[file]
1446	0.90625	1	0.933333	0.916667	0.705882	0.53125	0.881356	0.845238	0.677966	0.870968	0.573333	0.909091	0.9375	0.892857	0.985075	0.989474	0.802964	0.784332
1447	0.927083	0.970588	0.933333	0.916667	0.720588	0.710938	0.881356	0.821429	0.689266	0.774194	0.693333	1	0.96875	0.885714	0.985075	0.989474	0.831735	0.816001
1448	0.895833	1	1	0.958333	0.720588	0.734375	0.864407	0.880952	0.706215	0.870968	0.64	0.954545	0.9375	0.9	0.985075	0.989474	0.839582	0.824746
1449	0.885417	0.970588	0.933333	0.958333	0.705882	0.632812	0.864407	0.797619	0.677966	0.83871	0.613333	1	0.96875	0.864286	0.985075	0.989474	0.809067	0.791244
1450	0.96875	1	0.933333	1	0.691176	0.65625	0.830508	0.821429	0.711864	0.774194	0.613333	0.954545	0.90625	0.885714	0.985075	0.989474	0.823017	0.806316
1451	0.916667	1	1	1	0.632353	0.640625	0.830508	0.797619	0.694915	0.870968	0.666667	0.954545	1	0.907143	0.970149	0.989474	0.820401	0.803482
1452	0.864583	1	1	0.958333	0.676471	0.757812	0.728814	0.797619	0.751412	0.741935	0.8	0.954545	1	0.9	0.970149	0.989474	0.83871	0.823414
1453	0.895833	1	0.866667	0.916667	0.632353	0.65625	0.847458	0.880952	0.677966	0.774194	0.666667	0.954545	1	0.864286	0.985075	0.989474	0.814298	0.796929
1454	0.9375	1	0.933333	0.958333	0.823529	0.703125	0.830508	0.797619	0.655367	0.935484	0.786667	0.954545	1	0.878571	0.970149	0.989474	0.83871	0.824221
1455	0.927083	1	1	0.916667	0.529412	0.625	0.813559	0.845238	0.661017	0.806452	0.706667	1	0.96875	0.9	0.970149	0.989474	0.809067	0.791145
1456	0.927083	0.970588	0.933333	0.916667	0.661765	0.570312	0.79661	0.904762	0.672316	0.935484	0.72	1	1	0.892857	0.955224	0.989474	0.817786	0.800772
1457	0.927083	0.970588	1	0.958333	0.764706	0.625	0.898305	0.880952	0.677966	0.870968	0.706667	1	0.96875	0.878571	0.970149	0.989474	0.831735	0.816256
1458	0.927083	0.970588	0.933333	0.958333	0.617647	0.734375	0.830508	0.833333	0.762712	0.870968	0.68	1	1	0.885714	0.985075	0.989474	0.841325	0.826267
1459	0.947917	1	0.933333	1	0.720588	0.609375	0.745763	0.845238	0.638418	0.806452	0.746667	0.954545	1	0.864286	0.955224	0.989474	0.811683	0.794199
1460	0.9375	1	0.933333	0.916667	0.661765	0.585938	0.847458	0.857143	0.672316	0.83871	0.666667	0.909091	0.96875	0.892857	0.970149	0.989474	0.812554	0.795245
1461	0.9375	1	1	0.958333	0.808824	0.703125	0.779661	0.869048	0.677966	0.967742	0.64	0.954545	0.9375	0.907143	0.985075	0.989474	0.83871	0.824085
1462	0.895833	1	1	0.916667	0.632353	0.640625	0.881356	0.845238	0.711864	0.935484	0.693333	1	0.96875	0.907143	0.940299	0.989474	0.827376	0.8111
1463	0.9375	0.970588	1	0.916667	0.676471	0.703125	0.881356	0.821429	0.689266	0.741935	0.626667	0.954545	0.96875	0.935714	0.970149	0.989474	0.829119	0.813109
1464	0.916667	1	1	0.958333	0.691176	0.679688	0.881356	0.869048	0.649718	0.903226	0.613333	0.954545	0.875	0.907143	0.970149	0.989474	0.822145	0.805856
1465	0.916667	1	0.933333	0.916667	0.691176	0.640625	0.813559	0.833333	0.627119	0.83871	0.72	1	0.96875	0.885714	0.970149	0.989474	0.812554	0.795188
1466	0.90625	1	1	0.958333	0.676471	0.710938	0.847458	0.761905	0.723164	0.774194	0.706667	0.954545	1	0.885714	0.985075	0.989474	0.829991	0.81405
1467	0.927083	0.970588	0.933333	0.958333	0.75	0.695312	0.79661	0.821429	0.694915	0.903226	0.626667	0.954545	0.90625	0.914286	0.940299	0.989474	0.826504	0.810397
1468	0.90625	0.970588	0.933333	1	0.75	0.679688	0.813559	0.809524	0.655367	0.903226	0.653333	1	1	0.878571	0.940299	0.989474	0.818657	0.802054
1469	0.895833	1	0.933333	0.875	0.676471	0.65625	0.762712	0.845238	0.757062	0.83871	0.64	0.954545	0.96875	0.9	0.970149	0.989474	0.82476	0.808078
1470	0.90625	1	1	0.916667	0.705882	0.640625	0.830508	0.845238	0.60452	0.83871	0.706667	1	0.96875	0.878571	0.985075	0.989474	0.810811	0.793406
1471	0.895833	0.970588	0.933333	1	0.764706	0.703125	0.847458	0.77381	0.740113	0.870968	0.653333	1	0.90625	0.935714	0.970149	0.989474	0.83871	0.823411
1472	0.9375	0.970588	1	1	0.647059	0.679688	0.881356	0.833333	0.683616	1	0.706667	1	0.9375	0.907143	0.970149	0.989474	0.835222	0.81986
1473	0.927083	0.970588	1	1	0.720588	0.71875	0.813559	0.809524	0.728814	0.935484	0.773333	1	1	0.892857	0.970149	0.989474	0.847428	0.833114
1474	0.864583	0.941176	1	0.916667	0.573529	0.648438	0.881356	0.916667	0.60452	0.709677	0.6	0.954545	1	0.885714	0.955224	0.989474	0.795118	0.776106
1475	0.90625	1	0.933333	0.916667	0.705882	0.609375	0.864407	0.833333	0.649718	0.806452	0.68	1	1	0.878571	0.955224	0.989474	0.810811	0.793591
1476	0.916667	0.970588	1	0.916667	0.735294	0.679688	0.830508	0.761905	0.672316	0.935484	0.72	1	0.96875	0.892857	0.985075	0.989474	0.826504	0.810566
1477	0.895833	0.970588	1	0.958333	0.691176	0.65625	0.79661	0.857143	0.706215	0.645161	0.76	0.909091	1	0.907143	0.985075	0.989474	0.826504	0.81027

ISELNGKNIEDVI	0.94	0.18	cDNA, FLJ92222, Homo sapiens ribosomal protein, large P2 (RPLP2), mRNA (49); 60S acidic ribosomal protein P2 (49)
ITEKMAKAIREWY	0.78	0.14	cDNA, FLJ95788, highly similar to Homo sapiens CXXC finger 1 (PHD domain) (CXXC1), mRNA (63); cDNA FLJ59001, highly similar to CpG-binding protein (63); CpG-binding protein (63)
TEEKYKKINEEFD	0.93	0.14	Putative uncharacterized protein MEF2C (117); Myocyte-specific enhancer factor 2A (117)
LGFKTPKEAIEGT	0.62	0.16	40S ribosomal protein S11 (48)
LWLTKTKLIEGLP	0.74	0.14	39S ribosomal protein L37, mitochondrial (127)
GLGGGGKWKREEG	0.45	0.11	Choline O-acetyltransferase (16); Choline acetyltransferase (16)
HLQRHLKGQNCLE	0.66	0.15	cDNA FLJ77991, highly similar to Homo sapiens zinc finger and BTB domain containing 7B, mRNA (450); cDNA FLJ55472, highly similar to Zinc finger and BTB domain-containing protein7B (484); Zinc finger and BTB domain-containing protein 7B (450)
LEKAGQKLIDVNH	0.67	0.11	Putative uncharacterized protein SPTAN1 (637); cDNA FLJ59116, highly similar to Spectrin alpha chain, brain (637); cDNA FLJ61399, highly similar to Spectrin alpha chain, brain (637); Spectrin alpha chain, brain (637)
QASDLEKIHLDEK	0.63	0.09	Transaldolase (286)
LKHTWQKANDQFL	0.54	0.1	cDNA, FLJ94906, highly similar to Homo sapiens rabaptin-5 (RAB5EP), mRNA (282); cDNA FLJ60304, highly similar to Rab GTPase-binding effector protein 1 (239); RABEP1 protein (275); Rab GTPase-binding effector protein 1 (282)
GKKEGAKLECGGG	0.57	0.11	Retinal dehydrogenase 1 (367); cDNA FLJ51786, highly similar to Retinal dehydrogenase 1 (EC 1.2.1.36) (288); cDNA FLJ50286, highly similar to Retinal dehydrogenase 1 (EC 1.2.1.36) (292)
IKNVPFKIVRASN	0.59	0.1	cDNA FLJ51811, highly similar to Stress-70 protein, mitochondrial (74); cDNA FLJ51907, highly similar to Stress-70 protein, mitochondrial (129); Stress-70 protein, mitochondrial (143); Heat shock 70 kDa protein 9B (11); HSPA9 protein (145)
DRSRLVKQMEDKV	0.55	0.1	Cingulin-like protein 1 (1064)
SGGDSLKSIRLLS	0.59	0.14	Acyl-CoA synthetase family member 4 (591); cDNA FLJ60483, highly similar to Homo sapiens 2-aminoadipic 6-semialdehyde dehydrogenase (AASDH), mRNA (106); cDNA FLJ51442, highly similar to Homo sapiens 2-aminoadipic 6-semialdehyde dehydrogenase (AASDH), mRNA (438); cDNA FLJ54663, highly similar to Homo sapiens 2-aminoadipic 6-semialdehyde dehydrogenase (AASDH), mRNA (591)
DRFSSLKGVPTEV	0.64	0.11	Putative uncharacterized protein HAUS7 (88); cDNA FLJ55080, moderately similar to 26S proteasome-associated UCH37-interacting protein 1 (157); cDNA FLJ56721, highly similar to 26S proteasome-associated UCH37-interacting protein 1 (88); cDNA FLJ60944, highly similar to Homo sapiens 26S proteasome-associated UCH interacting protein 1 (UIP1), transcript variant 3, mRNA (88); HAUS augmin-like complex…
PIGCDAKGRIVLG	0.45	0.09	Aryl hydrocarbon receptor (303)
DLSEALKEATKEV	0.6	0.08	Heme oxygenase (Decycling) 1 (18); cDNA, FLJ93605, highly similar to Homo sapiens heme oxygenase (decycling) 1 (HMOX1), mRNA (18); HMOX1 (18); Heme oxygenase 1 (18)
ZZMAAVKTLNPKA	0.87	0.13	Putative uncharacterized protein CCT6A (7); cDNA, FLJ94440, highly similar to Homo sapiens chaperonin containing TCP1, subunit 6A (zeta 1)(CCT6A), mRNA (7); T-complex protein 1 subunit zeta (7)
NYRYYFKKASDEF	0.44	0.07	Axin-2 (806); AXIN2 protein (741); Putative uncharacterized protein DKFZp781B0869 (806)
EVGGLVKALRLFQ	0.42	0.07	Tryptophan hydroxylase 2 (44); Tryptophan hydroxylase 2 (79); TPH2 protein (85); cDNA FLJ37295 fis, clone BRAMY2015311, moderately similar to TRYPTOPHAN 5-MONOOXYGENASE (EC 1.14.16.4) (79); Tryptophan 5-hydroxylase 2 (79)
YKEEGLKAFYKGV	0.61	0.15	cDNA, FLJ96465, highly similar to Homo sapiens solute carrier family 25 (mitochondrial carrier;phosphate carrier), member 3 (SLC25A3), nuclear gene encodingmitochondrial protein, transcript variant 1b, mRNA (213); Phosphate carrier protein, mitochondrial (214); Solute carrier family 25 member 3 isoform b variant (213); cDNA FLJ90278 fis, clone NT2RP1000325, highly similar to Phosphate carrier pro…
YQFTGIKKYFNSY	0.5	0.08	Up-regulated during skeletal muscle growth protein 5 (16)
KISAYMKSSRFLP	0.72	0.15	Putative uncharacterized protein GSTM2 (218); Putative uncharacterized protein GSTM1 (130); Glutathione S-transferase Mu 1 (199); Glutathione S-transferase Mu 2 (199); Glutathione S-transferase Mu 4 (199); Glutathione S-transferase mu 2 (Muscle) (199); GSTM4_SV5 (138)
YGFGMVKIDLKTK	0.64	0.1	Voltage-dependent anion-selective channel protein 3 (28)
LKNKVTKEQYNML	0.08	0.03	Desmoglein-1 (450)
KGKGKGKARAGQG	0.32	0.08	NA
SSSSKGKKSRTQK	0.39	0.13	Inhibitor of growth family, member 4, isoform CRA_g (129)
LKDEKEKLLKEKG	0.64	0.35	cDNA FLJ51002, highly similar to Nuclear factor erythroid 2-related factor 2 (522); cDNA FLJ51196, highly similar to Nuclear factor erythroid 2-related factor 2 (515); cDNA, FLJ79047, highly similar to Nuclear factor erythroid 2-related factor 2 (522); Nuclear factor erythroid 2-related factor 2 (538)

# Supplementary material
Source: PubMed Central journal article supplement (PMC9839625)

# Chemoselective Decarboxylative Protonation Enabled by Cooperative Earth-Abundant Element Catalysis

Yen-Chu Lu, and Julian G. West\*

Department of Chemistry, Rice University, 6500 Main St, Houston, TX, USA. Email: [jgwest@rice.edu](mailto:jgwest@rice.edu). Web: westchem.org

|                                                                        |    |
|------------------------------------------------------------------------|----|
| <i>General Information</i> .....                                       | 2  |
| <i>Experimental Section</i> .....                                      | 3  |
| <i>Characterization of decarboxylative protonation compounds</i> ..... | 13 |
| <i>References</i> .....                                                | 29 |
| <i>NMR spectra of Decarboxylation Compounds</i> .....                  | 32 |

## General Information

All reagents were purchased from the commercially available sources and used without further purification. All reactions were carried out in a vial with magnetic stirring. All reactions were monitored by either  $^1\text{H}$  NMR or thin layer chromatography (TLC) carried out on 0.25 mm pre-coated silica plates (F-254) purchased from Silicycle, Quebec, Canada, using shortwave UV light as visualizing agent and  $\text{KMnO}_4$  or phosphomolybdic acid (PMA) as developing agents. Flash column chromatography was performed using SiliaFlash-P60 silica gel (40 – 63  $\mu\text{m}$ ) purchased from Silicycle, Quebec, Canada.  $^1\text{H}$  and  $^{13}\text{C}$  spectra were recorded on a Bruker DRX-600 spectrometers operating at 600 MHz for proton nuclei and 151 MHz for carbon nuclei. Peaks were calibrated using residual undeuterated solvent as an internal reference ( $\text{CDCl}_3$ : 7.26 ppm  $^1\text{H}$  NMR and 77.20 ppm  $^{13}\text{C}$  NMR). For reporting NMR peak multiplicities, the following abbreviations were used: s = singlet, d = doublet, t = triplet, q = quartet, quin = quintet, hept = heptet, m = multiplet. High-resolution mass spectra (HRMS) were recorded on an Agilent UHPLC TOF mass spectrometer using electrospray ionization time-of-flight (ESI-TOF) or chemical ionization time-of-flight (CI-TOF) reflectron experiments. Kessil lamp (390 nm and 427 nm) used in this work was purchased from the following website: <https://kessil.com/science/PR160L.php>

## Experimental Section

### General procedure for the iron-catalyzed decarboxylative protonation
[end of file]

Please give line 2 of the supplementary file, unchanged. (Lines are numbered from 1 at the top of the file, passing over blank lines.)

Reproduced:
1447	0.927083	0.970588	0.933333	0.916667	0.720588	0.710938	0.881356	0.821429	0.689266	0.774194	0.693333	1	0.96875	0.885714	0.985075	0.989474	0.831735	0.816001